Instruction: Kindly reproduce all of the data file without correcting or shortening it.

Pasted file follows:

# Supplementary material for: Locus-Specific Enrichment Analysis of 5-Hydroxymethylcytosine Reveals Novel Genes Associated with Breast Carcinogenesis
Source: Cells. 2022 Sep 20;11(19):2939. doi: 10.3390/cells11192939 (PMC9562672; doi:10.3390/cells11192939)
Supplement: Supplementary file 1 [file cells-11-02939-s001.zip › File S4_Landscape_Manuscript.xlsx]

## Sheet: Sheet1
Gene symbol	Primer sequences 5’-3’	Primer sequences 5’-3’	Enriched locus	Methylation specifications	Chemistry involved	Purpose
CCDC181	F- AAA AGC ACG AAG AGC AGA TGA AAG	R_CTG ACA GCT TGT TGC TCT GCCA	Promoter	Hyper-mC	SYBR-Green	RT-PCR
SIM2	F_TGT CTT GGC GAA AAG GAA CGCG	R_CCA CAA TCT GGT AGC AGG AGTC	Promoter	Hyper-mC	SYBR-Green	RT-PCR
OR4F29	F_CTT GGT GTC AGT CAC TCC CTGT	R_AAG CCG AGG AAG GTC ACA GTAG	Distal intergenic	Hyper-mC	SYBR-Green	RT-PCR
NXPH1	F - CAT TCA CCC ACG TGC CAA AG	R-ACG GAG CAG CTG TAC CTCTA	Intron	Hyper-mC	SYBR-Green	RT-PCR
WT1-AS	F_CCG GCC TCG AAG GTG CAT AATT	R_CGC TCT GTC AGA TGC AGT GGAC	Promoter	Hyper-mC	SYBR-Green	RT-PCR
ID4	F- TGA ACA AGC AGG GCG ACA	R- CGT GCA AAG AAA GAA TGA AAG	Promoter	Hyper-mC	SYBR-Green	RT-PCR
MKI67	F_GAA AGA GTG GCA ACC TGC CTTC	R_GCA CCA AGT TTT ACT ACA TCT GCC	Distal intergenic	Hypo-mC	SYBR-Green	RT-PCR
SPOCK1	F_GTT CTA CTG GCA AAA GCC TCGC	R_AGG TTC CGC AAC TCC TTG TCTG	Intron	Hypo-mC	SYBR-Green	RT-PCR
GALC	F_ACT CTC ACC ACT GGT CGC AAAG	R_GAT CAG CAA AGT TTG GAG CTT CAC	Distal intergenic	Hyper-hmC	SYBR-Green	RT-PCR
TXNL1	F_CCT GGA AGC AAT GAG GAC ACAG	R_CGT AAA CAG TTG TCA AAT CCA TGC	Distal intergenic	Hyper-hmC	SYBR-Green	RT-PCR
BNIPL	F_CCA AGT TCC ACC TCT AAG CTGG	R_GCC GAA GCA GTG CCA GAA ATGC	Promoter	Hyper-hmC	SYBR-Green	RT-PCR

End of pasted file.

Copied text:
# Supplementary material for: Locus-Specific Enrichment Analysis of 5-Hydroxymethylcytosine Reveals Novel Genes Associated with Breast Carcinogenesis
Source: Cells. 2022 Sep 20;11(19):2939. doi: 10.3390/cells11192939 (PMC9562672; doi:10.3390/cells11192939)
Supplement: Supplementary file 1 [file cells-11-02939-s001.zip › File S4_Landscape_Manuscript.xlsx]

## Sheet: Sheet1
Gene symbol	Primer sequences 5’-3’	Primer sequences 5’-3’	Enriched locus	Methylation specifications	Chemistry involved	Purpose
CCDC181	F- AAA AGC ACG AAG AGC AGA TGA AAG	R_CTG ACA GCT TGT TGC TCT GCCA	Promoter	Hyper-mC	SYBR-Green	RT-PCR
SIM2	F_TGT CTT GGC GAA AAG GAA CGCG	R_CCA CAA TCT GGT AGC AGG AGTC	Promoter	Hyper-mC	SYBR-Green	RT-PCR
OR4F29	F_CTT GGT GTC AGT CAC TCC CTGT	R_AAG CCG AGG AAG GTC ACA GTAG	Distal intergenic	Hyper-mC	SYBR-Green	RT-PCR
NXPH1	F - CAT TCA CCC ACG TGC CAA AG	R-ACG GAG CAG CTG TAC CTCTA	Intron	Hyper-mC	SYBR-Green	RT-PCR
WT1-AS	F_CCG GCC TCG AAG GTG CAT AATT	R_CGC TCT GTC AGA TGC AGT GGAC	Promoter	Hyper-mC	SYBR-Green	RT-PCR
ID4	F- TGA ACA AGC AGG GCG ACA	R- CGT GCA AAG AAA GAA TGA AAG	Promoter	Hyper-mC	SYBR-Green	RT-PCR
MKI67	F_GAA AGA GTG GCA ACC TGC CTTC	R_GCA CCA AGT TTT ACT ACA TCT GCC	Distal intergenic	Hypo-mC	SYBR-Green	RT-PCR
SPOCK1	F_GTT CTA CTG GCA AAA GCC TCGC	R_AGG TTC CGC AAC TCC TTG TCTG	Intron	Hypo-mC	SYBR-Green	RT-PCR
GALC	F_ACT CTC ACC ACT GGT CGC AAAG	R_GAT CAG CAA AGT TTG GAG CTT CAC	Distal intergenic	Hyper-hmC	SYBR-Green	RT-PCR
TXNL1	F_CCT GGA AGC AAT GAG GAC ACAG	R_CGT AAA CAG TTG TCA AAT CCA TGC	Distal intergenic	Hyper-hmC	SYBR-Green	RT-PCR
BNIPL	F_CCA AGT TCC ACC TCT AAG CTGG	R_GCC GAA GCA GTG CCA GAA ATGC	Promoter	Hyper-hmC	SYBR-Green	RT-PCR